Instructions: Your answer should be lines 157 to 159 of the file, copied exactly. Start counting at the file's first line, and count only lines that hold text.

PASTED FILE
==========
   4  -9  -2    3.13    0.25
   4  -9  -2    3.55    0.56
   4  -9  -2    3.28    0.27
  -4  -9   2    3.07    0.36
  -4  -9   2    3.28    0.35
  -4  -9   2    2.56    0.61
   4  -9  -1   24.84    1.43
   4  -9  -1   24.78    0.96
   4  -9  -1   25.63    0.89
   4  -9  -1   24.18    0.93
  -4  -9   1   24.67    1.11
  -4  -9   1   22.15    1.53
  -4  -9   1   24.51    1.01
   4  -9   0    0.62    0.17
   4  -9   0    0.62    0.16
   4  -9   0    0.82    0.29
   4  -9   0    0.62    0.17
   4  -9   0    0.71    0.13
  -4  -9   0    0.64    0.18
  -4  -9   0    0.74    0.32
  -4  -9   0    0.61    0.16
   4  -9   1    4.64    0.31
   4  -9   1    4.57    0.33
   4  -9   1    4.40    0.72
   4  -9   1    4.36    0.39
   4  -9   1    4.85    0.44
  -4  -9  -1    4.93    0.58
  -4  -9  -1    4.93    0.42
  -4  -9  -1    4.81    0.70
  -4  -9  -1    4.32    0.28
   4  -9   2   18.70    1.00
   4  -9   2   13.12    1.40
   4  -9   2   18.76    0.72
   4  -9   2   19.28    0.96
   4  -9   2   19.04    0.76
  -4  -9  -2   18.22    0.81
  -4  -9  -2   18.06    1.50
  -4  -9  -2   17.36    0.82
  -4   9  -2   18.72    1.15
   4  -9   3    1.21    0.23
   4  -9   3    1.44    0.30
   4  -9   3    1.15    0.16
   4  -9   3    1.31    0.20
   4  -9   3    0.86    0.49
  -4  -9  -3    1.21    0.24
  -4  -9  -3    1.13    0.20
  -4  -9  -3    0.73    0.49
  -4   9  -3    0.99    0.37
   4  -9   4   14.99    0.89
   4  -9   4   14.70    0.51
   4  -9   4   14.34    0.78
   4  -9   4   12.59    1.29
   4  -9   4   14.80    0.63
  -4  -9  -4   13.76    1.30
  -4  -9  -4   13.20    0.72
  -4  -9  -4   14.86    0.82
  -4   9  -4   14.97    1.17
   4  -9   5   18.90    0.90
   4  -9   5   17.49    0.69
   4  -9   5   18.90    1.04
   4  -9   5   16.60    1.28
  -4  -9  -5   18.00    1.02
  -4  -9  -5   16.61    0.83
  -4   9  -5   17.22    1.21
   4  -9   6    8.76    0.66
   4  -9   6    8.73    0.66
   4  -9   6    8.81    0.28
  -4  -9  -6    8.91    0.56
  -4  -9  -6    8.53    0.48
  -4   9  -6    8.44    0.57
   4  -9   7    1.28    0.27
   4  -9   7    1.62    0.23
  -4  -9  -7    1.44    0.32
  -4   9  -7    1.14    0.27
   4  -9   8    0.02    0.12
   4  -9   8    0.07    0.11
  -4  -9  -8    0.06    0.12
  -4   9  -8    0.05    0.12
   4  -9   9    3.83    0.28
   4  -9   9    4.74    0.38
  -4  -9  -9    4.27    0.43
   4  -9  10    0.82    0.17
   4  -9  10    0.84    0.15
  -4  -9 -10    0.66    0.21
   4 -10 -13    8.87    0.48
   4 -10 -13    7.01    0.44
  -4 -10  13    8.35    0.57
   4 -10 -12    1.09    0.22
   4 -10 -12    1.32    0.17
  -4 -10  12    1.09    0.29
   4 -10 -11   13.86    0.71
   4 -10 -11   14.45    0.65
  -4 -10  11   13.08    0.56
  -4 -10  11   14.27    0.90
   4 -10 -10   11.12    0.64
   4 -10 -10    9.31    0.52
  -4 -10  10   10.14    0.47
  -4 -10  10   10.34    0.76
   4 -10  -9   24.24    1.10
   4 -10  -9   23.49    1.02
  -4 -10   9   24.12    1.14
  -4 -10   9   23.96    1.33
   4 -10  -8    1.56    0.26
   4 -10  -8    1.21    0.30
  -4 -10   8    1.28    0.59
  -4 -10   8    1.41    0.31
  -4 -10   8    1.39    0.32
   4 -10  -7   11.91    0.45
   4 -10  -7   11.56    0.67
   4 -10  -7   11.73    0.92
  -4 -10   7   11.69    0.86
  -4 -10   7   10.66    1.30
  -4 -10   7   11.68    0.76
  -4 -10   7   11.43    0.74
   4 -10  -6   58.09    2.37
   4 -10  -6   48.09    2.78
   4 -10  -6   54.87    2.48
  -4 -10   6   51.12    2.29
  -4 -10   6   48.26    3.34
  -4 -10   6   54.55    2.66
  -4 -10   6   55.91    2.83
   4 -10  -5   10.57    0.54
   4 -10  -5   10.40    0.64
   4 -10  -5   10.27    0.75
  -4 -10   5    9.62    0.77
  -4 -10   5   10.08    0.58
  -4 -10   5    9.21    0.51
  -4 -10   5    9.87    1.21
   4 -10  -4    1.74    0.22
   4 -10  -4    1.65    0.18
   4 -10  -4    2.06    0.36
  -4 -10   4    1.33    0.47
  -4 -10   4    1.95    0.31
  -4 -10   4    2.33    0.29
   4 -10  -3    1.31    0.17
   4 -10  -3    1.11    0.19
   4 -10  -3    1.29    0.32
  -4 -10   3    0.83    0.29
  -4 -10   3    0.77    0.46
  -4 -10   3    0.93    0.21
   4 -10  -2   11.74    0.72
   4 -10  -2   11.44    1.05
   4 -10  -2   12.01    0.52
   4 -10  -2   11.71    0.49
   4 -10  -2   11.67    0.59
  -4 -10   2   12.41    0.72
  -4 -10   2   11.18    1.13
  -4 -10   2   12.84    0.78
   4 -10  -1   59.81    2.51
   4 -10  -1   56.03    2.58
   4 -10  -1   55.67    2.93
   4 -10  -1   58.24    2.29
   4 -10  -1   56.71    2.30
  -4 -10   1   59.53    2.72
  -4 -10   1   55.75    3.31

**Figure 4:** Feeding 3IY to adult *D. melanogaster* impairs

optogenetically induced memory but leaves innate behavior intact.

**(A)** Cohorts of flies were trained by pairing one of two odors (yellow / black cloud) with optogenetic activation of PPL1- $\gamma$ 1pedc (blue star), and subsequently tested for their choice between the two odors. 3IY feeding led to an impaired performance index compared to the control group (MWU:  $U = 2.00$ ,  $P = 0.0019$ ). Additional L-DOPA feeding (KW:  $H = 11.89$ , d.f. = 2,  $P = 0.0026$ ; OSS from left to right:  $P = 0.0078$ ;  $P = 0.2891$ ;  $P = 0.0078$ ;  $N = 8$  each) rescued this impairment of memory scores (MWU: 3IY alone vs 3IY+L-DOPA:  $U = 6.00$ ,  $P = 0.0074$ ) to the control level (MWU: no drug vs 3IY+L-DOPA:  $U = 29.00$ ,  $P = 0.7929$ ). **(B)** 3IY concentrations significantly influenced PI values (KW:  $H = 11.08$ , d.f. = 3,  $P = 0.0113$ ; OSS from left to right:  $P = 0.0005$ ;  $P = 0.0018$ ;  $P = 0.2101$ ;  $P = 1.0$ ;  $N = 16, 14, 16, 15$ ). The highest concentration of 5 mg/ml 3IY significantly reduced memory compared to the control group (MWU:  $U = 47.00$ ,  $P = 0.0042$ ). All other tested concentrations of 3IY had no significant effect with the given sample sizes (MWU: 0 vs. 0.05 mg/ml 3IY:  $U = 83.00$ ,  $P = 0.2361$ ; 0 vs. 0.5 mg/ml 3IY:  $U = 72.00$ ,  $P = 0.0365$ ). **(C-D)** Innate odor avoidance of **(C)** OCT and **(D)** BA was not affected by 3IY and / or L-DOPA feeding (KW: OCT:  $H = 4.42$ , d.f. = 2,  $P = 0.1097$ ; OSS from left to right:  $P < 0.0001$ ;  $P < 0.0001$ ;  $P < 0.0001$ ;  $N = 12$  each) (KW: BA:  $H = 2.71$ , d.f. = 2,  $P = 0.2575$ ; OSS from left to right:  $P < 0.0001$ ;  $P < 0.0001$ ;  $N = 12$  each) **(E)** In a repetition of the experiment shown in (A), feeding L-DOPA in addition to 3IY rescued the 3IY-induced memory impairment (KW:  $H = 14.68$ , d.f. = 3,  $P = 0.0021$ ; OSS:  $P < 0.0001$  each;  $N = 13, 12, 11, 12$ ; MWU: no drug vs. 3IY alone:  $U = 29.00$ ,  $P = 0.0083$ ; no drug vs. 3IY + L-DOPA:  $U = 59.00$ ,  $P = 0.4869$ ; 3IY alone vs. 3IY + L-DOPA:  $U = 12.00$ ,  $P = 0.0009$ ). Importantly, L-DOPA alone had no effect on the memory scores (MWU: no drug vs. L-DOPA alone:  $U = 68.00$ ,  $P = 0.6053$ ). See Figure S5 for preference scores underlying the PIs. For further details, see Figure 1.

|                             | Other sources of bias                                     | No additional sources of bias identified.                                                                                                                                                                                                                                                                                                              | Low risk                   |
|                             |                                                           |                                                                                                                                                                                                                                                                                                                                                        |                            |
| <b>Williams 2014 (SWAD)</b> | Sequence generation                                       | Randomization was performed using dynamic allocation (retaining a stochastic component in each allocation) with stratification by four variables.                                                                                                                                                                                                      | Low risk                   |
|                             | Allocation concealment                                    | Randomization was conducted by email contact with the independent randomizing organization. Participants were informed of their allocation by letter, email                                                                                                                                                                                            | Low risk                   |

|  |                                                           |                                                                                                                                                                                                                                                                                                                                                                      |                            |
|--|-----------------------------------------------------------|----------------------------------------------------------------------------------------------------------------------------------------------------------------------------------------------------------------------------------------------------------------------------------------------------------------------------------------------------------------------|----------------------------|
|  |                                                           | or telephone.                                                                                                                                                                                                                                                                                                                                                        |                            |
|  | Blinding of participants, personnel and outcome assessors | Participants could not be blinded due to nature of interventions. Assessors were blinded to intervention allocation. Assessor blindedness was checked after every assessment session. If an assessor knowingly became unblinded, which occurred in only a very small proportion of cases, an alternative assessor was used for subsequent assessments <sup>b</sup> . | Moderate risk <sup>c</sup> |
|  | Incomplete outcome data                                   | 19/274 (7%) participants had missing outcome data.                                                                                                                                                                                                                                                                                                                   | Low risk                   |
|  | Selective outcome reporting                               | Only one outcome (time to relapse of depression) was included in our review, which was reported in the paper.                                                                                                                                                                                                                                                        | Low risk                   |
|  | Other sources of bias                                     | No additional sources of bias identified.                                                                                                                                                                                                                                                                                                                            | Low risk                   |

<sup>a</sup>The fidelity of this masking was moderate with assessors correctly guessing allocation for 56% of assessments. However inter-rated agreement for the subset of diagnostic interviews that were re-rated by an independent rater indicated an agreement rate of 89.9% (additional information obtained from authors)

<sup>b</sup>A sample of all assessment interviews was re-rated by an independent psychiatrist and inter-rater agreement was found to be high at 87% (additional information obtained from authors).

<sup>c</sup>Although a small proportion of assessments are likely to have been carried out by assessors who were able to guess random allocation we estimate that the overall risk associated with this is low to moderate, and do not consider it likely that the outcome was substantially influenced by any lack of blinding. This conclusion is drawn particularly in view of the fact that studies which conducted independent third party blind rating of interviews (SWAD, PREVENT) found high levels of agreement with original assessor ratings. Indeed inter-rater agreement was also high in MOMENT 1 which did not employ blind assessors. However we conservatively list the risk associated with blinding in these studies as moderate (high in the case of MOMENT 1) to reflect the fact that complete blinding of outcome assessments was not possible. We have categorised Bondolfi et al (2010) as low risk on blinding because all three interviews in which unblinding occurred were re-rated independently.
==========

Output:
optogenetically induced memory but leaves innate behavior intact.

**(A)** Cohorts of flies were trained by pairing one of two odors (yellow / black cloud) with optogenetic activation of PPL1- $\gamma$ 1pedc (blue star), and subsequently tested for their choice between the two odors. 3IY feeding led to an impaired performance index compared to the control group (MWU:  $U = 2.00$ ,  $P = 0.0019$ ). Additional L-DOPA feeding (KW:  $H = 11.89$ , d.f. = 2,  $P = 0.0026$ ; OSS from left to right:  $P = 0.0078$ ;  $P = 0.2891$ ;  $P = 0.0078$ ;  $N = 8$  each) rescued this impairment of memory scores (MWU: 3IY alone vs 3IY+L-DOPA:  $U = 6.00$ ,  $P = 0.0074$ ) to the control level (MWU: no drug vs 3IY+L-DOPA:  $U = 29.00$ ,  $P = 0.7929$ ). **(B)** 3IY concentrations significantly influenced PI values (KW:  $H = 11.08$ , d.f. = 3,  $P = 0.0113$ ; OSS from left to right:  $P = 0.0005$ ;  $P = 0.0018$ ;  $P = 0.2101$ ;  $P = 1.0$ ;  $N = 16, 14, 16, 15$ ). The highest concentration of 5 mg/ml 3IY significantly reduced memory compared to the control group (MWU:  $U = 47.00$ ,  $P = 0.0042$ ). All other tested concentrations of 3IY had no significant effect with the given sample sizes (MWU: 0 vs. 0.05 mg/ml 3IY:  $U = 83.00$ ,  $P = 0.2361$ ; 0 vs. 0.5 mg/ml 3IY:  $U = 72.00$ ,  $P = 0.0365$ ). **(C-D)** Innate odor avoidance of **(C)** OCT and **(D)** BA was not affected by 3IY and / or L-DOPA feeding (KW: OCT:  $H = 4.42$ , d.f. = 2,  $P = 0.1097$ ; OSS from left to right:  $P < 0.0001$ ;  $P < 0.0001$ ;  $P < 0.0001$ ;  $N = 12$  each) (KW: BA:  $H = 2.71$ , d.f. = 2,  $P = 0.2575$ ; OSS from left to right:  $P < 0.0001$ ;  $P < 0.0001$ ;  $N = 12$  each) **(E)** In a repetition of the experiment shown in (A), feeding L-DOPA in addition to 3IY rescued the 3IY-induced memory impairment (KW:  $H = 14.68$ , d.f. = 3,  $P = 0.0021$ ; OSS:  $P < 0.0001$  each;  $N = 13, 12, 11, 12$ ; MWU: no drug vs. 3IY alone:  $U = 29.00$ ,  $P = 0.0083$ ; no drug vs. 3IY + L-DOPA:  $U = 59.00$ ,  $P = 0.4869$ ; 3IY alone vs. 3IY + L-DOPA:  $U = 12.00$ ,  $P = 0.0009$ ). Importantly, L-DOPA alone had no effect on the memory scores (MWU: no drug vs. L-DOPA alone:  $U = 68.00$ ,  $P = 0.6053$ ). See Figure S5 for preference scores underlying the PIs. For further details, see Figure 1.

|                             | Other sources of bias                                     | No additional sources of bias identified.                                                                                                                                                                                                                                                                                                              | Low risk                   |